My Father Above Me
May 9, 2017
It was the last thing I wanted to hear. ISIS was going to attack tonight. Still feeling weak and light-headed from five days of fever and diarrhea, I shouldered the Russian-made BKC machine gun and made my way to the roof. My legs wobbled in the darkness as I climbed the four stories of stairs that were covered in debris and glass. It was strange to think that this dark Alamo used to be someone’s home.
Reaching the rooftop, I set the machine gun up in a position near the mat that would serve as my bed that night. My bed consisted of a thin mat and a blanket scavenged from the house that I was preparing to fight and possibly die in. To man my fighting position when ISIS attacked, I would be able to roll out of bed and begin laying down fire in a matter of seconds.
As Hollywood-worthy as this scene may have sounded, I wasn’t at all excited. If ISIS attacked us head-on, I knew we would not survive long. First, we were sitting on the very edge of the Iraqi flank. The next friendly unit was more than two hundred meters away. In urban warfare, they’d might as well not even be there. Second, there were only a handful of us with rifles. We had one machine gun, but it was low on ammo. Third, and most important, a thick layer of clouds was moving in very low. The U.S. Air Force wouldn’t be able to help us. We were on our own. We settled in for a long night and began our watch rotation.
I was already awake when ISIS attacked the Iraqi unit two-hundred meters away to our East at 11 pm. I lied on my back and stared at the clouds that were backlit by the moon. There was no reason to stand up. There was nothing we could do, and stray rounds were already flinging overhead. Our man on watch kept his head low and peered over the wall.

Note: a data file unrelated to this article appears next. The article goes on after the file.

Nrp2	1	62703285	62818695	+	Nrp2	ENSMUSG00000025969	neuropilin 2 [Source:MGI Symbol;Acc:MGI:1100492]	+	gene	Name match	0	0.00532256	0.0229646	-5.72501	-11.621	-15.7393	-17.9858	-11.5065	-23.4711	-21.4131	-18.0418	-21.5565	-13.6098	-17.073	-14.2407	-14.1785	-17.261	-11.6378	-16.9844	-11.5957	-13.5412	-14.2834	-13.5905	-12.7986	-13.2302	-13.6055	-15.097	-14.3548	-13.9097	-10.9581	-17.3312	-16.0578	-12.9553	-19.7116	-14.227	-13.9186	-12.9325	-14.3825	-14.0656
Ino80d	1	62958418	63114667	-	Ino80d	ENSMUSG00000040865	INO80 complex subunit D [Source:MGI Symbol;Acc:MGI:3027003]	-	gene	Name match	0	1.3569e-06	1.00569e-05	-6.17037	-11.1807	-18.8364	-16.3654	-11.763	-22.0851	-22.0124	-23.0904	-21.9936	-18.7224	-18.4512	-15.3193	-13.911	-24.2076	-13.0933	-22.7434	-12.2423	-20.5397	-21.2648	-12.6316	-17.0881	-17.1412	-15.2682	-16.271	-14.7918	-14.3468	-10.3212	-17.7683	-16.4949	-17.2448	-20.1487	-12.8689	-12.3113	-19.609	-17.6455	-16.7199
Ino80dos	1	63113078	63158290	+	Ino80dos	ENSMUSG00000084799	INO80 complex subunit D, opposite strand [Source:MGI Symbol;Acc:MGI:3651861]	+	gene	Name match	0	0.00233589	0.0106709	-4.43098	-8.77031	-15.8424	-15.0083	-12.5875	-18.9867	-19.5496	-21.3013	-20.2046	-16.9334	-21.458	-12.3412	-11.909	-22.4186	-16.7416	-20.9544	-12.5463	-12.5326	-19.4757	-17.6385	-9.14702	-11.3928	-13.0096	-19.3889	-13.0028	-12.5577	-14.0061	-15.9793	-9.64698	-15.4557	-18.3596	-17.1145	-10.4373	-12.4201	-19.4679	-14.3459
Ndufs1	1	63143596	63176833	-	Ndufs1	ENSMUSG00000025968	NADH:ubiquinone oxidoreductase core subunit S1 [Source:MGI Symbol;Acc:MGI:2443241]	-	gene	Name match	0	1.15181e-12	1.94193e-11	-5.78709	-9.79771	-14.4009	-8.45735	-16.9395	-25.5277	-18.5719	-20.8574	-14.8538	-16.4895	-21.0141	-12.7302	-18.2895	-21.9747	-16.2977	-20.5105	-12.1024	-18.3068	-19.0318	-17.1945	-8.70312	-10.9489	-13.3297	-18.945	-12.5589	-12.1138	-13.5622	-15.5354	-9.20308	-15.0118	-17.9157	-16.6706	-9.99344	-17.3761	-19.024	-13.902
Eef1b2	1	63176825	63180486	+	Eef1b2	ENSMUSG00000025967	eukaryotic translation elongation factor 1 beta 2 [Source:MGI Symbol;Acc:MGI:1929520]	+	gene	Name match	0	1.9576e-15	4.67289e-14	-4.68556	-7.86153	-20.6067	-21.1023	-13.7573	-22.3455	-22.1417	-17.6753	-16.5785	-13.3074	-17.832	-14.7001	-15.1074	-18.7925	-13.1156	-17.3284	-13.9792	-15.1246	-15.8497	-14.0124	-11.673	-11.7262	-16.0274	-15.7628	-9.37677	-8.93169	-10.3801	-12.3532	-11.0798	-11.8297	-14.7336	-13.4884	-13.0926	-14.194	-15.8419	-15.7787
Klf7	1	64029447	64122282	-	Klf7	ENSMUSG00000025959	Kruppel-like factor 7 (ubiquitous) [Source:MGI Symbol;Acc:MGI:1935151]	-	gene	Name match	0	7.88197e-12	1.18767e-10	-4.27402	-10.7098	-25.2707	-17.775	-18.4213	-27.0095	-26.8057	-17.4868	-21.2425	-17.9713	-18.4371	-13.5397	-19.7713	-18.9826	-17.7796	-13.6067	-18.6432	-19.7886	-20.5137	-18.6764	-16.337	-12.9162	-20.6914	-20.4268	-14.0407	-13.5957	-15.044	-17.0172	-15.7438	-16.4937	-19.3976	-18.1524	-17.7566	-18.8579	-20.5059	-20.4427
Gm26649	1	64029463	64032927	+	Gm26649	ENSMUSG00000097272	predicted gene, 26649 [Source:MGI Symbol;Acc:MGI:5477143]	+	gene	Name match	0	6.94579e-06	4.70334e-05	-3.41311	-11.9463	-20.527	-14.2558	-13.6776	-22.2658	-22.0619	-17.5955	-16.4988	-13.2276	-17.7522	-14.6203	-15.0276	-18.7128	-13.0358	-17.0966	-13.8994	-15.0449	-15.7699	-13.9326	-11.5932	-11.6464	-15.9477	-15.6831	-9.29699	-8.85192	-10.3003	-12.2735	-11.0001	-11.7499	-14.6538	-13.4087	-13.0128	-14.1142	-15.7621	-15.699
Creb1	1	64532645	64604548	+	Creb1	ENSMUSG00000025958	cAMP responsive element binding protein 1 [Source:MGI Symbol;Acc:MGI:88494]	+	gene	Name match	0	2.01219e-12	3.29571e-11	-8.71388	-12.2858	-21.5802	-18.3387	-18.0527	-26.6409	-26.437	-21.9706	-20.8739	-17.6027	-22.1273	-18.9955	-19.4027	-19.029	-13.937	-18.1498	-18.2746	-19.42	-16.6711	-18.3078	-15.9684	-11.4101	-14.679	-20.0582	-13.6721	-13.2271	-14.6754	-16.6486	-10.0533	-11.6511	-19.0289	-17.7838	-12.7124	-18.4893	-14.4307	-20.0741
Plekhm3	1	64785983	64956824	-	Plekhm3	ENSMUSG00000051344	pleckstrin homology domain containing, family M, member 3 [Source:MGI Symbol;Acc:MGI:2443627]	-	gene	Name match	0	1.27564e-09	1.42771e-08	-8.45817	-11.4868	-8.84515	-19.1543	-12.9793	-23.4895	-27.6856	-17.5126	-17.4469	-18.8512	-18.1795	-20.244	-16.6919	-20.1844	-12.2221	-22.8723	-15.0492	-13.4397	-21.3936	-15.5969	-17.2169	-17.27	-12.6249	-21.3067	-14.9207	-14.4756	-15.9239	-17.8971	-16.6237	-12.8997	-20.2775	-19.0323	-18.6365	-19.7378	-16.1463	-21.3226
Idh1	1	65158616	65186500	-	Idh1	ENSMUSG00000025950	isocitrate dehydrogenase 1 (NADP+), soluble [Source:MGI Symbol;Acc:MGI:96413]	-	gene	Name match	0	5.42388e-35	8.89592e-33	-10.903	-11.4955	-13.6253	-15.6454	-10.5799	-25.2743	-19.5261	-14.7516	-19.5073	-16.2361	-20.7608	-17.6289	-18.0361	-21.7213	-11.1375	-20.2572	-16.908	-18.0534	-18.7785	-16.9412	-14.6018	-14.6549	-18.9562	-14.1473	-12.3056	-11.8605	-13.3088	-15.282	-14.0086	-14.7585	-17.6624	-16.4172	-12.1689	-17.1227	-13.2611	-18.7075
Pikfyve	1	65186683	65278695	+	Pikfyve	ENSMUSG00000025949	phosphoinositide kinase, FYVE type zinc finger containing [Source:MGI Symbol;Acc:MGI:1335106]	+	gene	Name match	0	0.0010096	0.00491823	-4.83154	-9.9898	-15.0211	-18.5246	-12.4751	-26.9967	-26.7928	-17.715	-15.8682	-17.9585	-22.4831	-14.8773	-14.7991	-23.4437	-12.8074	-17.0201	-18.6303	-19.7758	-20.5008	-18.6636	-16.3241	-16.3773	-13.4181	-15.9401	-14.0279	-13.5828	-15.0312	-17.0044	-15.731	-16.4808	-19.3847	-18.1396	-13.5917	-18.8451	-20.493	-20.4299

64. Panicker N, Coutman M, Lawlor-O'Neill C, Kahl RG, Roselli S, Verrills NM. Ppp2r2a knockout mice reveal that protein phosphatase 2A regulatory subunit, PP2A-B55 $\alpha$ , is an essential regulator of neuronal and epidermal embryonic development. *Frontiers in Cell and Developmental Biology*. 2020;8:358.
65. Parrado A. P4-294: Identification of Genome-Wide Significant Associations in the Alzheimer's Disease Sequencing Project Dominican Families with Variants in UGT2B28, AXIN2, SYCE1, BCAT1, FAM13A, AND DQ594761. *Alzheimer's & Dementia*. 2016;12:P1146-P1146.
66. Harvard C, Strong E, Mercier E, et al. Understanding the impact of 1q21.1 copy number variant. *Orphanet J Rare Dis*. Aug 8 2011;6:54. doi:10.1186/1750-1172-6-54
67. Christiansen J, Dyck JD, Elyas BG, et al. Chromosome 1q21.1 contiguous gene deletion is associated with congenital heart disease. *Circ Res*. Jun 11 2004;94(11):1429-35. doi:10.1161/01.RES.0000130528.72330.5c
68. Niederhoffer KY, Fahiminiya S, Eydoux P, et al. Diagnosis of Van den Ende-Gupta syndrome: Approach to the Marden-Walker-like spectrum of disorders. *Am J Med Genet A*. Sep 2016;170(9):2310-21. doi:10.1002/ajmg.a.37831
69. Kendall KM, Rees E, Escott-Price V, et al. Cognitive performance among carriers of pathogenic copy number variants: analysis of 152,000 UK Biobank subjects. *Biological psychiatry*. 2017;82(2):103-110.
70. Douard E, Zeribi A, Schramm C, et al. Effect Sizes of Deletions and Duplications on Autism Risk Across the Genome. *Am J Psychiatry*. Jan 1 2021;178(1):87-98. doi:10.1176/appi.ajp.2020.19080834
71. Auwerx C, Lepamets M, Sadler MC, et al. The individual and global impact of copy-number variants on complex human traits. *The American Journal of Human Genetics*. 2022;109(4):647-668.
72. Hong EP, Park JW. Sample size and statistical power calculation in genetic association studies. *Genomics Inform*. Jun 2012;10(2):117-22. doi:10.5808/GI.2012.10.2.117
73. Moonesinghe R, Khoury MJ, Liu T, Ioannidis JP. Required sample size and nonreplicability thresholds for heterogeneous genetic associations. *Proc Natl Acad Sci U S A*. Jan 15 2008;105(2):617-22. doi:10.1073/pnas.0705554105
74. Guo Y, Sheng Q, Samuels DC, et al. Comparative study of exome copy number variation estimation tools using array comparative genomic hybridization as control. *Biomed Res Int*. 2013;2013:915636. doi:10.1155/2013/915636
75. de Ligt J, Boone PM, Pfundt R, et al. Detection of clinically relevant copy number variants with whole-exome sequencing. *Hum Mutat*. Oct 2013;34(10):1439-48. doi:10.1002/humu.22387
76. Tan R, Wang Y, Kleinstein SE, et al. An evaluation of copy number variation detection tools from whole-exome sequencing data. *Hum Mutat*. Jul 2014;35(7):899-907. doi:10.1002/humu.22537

The firefight lasted for about an hour, and then as abruptly as it had started, the battle ended and everything went quiet. This was the moment of truth. Would ISIS shift farther east or would they hit our line next? My answer came in the form of bullets hissing and cracking over my head. Seconds later, we were all on our feet, weapons in hand. No one said a word. We knew was what about to happen. Every man moved to his position.
ISIS was hitting us from the south so I grabbed my AK-47 rather than the machine gun. I stayed low and glanced over the walls. Across the intersection from us sat an abandoned Mosque. Its minaret bore the holes of a hundred bullets and rockets. Every window was destroyed and chunks of the walls had been blown onto the dark, shadowy street below. It was the one building within rifle range that was taller than ours. It was my responsibility to watch it.
The fire increased and tracers began to cut through the air like fireworks above us. An Iraqi unit farther forward was hammering away at the ISIS assaulters. As soon as ISIS shifted and hit them on the flank, they’d run right into us. As soon as we opened fire, they’d move to the Mosque and pour deadly fire down on us. As the machine gunner and sniper of the group, I knew I’d be the last one off the roof. I also knew I had the least chance of making it through this thing alive. But I had accepted that.
As I readied my resolve and prepared my spirit to fight, a beautiful light washed over me. The moon. Looking up, I got goosebumps. A chill went down my spine. The clouds had parted. Moments later, I heard the familiar moan of a U.S. Air Force AC-130 gunship flying in the black skies overhead. I thought of my father who had flown C-130s in the Air Force when I was a boy. It was as though he was there with me, watching over me. I knew right then that we’d make it through the night. My laughing nearly turned into crying from the relief.
The gunship broke through the cloud bank and immediately found its targets. It poured devastating fire into the advancing ISIS lines, halting the attack. As soon as the the first rounds of the gunship hit the ground, the shooting stopped. They couldn’t attempt another attack that night.
Laying back down on my mat, I cuddled up to my AK-47 and listened to the hum of the gunship overhead as it stood watch. The sound soothed me to sleep. With my father above me, I knew I’d make it through one more night.